This is an important book, with much to offer, but it is also disappointing. Its importance lies in three converging factors. The first and most obvious is the subject. Martin Luther is a person of almost mythic proportions in the history of the West. By his prophetic stance, he almost single-handedly created what has become perhaps the most characteristic Western virtue, the courage to defy the status quo and decry its corruption.
The second factor is the author, Martin Marty, perhaps the best known and most widely respected scholar in North America writing on religion today.
The third factor is the distinguished Penguin Lives series in which this book is appearing: short and engaging introductions to important figures. And for Luther, the series is especially important. Despite all the writing about him, there are in print in English only a few biographies, none as concise and handy as this one.
Marty is a Lutheran. While his home base in scholarship is American Protestantism, he has a firm understanding of his own tradition’s history and fundamental theological groundings. That is the background he brings to the book, and it accounts for many of the book’s merits. This is Luther from the inside, viewed sympathetically yet critically. Marty is correct, I believe, when he says Luther “makes most sense as a wrestler with God, indeed, as a God-obsessed seeker of certainty and assurance.” He presents him, thus, as a religious figure and as a Christian theologian, and he rightly does not try to make him sound modern or to translate his message into secular terms.
Marty admires Luther. But the book is noteworthy in its straightforward presentation of the crudity, inconsistencies and sometimes downright “revolting” (p. xi) aspects of Luther’s personality and career. Luther is the hero of the book, but he is not a person without serious flaws and problematic behavior, as in his notorious attack on the peasants and his vitriol against the Jews. His relationships with the other Reformers come through in these pages with all their ambivalences intact.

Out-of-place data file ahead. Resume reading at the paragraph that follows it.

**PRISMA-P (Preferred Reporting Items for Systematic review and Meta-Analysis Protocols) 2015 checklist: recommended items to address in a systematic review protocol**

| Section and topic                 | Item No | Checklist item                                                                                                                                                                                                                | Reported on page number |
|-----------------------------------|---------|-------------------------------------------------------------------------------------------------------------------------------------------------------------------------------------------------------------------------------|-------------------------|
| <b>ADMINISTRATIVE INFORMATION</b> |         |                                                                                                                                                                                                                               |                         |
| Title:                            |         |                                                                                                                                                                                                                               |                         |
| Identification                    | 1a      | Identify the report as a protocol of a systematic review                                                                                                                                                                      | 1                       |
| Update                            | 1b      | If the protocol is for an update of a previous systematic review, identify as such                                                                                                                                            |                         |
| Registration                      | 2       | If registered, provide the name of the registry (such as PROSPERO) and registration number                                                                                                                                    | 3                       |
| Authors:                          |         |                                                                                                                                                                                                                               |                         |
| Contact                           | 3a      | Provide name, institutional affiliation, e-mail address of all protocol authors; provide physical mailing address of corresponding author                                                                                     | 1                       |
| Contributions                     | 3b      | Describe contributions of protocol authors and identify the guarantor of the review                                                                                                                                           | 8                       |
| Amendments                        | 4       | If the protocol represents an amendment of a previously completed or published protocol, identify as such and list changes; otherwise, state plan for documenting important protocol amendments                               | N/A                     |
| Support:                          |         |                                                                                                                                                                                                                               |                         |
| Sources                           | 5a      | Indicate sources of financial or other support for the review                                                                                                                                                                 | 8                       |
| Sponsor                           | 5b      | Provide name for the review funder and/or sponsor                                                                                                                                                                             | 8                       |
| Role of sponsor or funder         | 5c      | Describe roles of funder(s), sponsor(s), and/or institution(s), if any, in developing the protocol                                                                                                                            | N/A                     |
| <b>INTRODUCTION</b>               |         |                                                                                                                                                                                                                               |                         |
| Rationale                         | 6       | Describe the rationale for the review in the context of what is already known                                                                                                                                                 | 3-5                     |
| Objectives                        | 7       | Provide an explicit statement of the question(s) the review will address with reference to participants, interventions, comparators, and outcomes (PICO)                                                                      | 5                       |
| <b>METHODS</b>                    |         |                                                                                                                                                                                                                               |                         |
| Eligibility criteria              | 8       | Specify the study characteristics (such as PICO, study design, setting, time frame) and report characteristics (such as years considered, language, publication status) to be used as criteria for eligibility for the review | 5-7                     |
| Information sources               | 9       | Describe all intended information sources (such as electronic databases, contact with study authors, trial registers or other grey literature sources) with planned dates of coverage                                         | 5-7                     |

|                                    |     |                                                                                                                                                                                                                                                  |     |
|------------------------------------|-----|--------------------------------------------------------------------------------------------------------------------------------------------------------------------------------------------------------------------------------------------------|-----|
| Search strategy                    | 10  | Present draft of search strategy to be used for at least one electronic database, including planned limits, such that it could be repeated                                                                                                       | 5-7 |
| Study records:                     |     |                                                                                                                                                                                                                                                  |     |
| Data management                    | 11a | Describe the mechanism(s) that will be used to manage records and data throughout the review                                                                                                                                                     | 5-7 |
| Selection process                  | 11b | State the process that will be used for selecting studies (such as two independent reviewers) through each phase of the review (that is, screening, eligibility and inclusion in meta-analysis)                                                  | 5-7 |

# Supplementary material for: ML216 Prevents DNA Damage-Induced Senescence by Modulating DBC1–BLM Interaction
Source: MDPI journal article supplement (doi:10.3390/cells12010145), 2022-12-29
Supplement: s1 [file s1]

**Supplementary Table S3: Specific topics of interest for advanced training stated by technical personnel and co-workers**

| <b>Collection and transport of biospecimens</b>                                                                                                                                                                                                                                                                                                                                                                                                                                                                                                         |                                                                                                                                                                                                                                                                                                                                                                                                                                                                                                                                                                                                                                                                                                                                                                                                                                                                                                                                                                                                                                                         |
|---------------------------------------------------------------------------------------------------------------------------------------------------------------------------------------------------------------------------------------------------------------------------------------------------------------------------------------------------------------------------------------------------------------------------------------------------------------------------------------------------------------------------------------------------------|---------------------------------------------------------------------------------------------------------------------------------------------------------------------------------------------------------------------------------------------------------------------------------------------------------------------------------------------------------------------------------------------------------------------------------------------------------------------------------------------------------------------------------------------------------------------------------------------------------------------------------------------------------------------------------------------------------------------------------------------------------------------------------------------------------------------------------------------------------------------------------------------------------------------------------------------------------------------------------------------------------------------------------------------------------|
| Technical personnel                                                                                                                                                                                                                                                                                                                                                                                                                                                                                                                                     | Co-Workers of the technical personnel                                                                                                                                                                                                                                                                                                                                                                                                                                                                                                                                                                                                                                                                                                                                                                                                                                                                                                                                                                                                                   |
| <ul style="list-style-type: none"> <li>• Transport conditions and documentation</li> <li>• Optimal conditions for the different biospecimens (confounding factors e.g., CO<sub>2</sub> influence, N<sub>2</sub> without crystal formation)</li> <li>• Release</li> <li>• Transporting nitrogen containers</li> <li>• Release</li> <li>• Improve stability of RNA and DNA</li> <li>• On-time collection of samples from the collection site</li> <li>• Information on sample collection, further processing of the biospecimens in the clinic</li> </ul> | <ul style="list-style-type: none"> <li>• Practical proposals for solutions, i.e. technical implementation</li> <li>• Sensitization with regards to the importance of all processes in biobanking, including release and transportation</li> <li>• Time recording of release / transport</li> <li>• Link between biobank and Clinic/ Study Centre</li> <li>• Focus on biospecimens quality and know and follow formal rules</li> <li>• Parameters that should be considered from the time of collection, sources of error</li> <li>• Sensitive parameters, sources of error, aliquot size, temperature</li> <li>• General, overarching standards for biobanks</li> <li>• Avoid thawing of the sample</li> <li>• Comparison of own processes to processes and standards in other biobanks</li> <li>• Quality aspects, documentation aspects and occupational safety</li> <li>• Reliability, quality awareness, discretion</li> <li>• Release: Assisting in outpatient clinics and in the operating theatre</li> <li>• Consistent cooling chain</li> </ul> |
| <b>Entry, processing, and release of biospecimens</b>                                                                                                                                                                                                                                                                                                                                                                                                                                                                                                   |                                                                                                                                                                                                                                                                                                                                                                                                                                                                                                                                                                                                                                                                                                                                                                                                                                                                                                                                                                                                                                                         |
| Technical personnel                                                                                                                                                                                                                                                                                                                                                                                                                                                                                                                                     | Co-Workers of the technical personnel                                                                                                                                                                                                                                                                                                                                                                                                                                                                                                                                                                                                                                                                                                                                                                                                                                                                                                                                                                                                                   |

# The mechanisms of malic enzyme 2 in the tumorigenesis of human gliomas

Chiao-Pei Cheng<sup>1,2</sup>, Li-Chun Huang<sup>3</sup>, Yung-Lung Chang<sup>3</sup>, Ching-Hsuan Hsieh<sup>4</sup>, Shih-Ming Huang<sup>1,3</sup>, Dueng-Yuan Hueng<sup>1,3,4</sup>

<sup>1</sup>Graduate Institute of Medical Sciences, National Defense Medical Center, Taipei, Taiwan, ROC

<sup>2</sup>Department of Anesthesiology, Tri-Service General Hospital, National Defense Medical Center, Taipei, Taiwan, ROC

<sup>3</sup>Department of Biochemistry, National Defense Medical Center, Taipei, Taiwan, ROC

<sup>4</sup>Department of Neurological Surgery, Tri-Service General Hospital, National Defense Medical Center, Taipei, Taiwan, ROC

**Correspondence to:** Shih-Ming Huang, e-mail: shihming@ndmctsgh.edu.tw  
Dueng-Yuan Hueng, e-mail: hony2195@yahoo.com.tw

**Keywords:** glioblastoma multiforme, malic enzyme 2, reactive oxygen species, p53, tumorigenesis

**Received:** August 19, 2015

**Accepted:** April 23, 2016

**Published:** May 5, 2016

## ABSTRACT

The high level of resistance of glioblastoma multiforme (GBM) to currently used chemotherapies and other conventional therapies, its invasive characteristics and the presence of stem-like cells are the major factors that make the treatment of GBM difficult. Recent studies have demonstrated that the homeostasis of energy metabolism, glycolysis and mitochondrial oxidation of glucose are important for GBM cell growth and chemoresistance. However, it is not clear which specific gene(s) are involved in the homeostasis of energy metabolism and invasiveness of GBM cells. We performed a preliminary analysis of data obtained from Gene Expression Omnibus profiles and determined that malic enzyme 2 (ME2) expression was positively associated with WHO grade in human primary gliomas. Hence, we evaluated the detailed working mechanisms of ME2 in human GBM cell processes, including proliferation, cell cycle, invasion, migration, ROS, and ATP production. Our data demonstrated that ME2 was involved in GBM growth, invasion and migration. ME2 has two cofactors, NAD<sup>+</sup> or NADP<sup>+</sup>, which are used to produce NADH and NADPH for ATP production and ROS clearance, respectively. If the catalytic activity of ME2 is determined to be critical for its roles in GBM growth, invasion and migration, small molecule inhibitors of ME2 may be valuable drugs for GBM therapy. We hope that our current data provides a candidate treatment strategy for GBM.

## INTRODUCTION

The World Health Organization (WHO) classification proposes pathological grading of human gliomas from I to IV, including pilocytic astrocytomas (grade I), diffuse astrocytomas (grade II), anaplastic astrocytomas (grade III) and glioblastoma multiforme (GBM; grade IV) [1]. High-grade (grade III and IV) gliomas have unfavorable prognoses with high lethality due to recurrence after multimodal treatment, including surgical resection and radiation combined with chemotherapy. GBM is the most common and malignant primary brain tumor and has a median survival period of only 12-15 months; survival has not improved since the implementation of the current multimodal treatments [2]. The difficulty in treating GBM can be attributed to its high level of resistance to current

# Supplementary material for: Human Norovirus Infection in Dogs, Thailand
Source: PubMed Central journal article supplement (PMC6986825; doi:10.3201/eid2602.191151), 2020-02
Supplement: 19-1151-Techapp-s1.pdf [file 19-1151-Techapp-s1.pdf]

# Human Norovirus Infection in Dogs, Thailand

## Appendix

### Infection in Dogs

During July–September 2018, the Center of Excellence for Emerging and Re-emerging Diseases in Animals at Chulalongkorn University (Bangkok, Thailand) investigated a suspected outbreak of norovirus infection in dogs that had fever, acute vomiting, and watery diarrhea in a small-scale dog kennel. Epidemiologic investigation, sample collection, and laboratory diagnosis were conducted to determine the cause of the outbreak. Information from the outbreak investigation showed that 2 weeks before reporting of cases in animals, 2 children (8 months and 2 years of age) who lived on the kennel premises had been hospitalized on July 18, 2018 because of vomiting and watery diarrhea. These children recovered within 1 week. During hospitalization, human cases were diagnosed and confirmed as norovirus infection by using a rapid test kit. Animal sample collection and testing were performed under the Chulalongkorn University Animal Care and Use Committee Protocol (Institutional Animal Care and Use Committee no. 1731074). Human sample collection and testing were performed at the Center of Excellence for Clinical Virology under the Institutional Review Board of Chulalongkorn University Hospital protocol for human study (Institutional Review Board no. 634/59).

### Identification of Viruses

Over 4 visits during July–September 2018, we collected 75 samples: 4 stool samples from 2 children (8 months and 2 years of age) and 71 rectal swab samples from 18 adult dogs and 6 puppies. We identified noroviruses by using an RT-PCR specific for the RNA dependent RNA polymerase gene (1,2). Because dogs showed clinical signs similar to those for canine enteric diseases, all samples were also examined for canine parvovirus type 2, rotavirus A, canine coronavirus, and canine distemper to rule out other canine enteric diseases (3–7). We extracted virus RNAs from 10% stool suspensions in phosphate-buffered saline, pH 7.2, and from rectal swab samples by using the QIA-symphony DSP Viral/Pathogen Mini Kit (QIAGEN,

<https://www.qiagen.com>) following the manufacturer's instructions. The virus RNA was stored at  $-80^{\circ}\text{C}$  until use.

Marty’s sensitive depictions of Luther as husband and father soften the usual picture of him as the fierce and defiant reformer. But the strength of the book lies in Marty’s grasp of Luther’s theology, which he presents lucidly and as the framework of continuity in a thinker who often changed his mind on important issues and thereby got himself and many others into lots of trouble. Marty ends his book with a brief “Afterword: Luther in the New Millennium,” which is a masterful summary of the strengths and weaknesses of the man and of the sometimes ambiguous heritage he bequeathed us.
What, then, is the problem? The problem is that Marty has a very unsure grasp of the 16th-century context and, more specifically, of the Catholic context. He states in the opening sentence of the book that he is writing the “story of Martin Luther, not a history of the Protestant Reformation,” but he goes on to say that he will tell the story in the “settings of monastery, home, church, university, and empire.” It is in those settings (except “home”) that the book falters. And Luther’s story, of all stories, makes no sense apart from such settings, for they so much determined Luther’s course. Luther’s story is essentially a story of conflict with much of the world in which he lived. The results of those conflicts, moreover, sometimes had an almost cataclysmic impact on society. It is crucial, then, to get the “settings” of that world straight.
There is a difference between a simple factual error and errors that betray a larger miscomprehension. The meeting between Luther and Cardinal Cajetan at the Diet of Augsburg in 1518 is famous, for instance, and crucially important for the turn Luther’s life would take. To describe Cajetan, perhaps the most distinguished theologian of his day and one of the greatest commentators ever on Aquinas, simply as “the foremost Dominican moralist” suggests ignorance of the theological reality beyond the world of Wittenberg.
Cajetan, we are told, set out to “ensnare” Luther. Hardly. What I found disturbing was the consistent portrayal of the Catholic scene as devious or utterly venal, as the term implies. Pages 27 to 31, about the character of late-medieval religion and a “money-grubbing” church, could have been lifted from a Protestant textbook of 100 years ago. They make Luther’s story all too simple and ignore the scholarship that has corrected such a caricature.
Aside from Luther and his immediate circle, other figures in the story, even important ones, tend to be generic, e.g., “the pope.” This is true even of Emperor Charles V, Luther’s most formidable enemy. Charles was raised not in Spain, as Marty asserts, but in Burgundy—not an irrelevant detail, given the impact of that ambiance on his personality and character.
To see the momentous election of Charles as emperor in 1519 as a triumph of persons “north of the Alps” over papal power is a novel and strikingly aberrant reading of the whole affair. Marty seems unaware, moreover, that Luther’s protector, Elector Frederick the Wise of Saxony, was the preferred papal candidate in that election. His reporting of what happened in 1534-35 with the Anabaptists at Münster is also a curious reading of those dreadful events. One could go on.
For the uninitiated, Martin Luther provides a good introduction to its subject and his theology. But for putting Luther’s story in its larger context, the book leaves much to be desired. And I wish I did not have to say that.